Some of Immortals’ golden-hued vistas and spectacular action sequences are breathtaking as the mortal Theseus (played by soon to be Superman, Henry Cavill) is chosen by Zeus (Luke Evans) to battle a ruthless leader who wants to get his hands on the all-important, machine gun-like Epirus Bow.
Unfortunately, King Hyperion is played by Mickey Rourke whose role is reduced to perfunctory lines like “I’m writing your history”.
Now 59 and often hidden behind his warrior outfit, he falls a long way short of rekindling the Oscar-nominated star we saw two years ago at the very human heart of The Wrestler.
But, in an Arnie kind of way, he’s still a perfect choice for the material. GY
The Rum Diary * *
Cert 15, 119 mins
This is pretty much writer and director Bruce Robinson’s first film since Withnail and I.
I’m not sure why it’s taken him nearly 20 years to get behind a camera again, but I don’t think he should have bothered, because this is no classic.
It is based on an early, semi-autobiographical novel by gonzo journalist Hunter S Thompson, discovered by his friend Johnny Depp.
The actor found the unpublished manuscript in a box of papers at Thompson’s house and set about turning it into a film, a process which took 14 years.
Thompson didn’t live to see the result as he killed himself in 2005, but Depp takes the lead role of American journalist Paul Kemp, who gets a job on a newspaper in Puerto Rico in 1960.
What work he is set by editor Lotterman (Richard Jenkins in a bad wig) is mainly compiling horoscopes, when he’s not drinking scores of miniature bottles of rum (“are they not complimentary?”).
Then local bigwig Sanderson (Aaron Eckhart) tries to get him to report favourably on a scheme he’s got to build a resort on a paradise island. Kemp is more interested in his stunning girlfriend Chenault (Amber Heard).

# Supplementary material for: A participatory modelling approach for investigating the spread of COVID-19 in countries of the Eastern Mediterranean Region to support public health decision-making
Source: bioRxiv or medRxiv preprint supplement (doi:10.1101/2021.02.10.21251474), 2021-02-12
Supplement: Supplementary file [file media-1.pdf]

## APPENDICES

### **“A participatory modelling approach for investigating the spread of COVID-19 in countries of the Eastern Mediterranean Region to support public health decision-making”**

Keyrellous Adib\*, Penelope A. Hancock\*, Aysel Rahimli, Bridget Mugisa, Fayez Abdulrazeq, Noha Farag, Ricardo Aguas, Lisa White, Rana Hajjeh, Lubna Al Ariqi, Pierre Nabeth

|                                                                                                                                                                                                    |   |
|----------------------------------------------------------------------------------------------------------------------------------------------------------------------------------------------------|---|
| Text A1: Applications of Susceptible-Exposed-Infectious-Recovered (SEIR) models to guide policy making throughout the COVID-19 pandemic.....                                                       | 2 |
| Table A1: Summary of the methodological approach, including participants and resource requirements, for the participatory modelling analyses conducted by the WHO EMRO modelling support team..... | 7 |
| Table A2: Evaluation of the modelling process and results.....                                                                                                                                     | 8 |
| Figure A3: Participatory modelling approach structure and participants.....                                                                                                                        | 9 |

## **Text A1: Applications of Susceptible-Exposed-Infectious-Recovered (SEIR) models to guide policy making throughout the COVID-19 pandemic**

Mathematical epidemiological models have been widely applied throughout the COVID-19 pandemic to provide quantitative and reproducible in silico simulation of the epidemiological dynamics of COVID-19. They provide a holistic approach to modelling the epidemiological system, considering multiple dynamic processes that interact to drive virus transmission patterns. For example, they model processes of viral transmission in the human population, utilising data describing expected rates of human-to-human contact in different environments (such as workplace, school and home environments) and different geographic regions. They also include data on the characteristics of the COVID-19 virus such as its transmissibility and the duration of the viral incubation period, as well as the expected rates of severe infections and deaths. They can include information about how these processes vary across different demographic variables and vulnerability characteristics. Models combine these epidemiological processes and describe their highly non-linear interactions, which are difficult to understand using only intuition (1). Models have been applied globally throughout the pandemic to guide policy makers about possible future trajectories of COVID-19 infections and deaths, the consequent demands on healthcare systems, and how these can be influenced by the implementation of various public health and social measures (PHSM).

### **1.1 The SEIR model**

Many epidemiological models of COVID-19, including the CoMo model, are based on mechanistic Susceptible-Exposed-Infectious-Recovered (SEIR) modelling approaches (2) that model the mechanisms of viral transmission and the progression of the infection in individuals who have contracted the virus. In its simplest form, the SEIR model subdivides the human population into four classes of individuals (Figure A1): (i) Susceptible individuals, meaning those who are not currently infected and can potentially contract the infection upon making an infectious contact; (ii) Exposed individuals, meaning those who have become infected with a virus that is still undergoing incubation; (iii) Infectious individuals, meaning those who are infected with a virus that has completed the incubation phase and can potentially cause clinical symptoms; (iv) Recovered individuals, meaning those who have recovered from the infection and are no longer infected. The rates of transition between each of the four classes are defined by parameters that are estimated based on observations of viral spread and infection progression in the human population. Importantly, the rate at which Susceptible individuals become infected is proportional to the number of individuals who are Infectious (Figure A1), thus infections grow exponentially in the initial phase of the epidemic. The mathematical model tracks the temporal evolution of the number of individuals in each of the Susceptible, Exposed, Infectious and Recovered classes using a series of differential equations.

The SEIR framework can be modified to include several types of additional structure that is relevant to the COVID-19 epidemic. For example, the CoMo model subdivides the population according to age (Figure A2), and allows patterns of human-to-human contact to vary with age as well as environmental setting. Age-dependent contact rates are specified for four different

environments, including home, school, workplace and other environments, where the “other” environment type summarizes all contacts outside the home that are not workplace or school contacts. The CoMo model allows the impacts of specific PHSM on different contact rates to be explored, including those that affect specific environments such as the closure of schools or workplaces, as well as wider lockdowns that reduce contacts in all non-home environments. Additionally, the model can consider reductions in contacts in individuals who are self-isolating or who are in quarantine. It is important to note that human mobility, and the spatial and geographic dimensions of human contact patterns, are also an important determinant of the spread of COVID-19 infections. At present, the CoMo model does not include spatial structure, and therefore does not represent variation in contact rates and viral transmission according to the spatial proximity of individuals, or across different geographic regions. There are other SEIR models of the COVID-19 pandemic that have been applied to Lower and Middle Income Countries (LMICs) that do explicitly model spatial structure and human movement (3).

Other quirky characters include photographer Sala (Michael Rispoli) and Nazi enthusiast Moburg (Giovanni Ribisi).
Like the drugs Kemp takes which take a while to kick in, we spend too much time waiting for something to happen. While the plot is more coherent than 1998’s trippy Fear and Loathing in Las Vegas – the last time Depp starred in a Thompson film – it’s still very thin.
Most of the lines are laboured and are trying too hard to be clever, like “Why don’t you quit? Life’s full of exits.” Or the bizarre “Your tongue is like an accusatory giblet”.
If you’ve seen the trailer, you’ve seen the funniest moments. And the love story is entirely unconvincing.
The Rum Diary is not a bad film. After all, it features Depp, back in the picturesque Caribbean, with a beautiful girl on his arm. It’s occasionally amusing and fairly watchable, though too long and I began to fidget towards the end.
It is just disappointing – sadly not interesting or funny enough. RL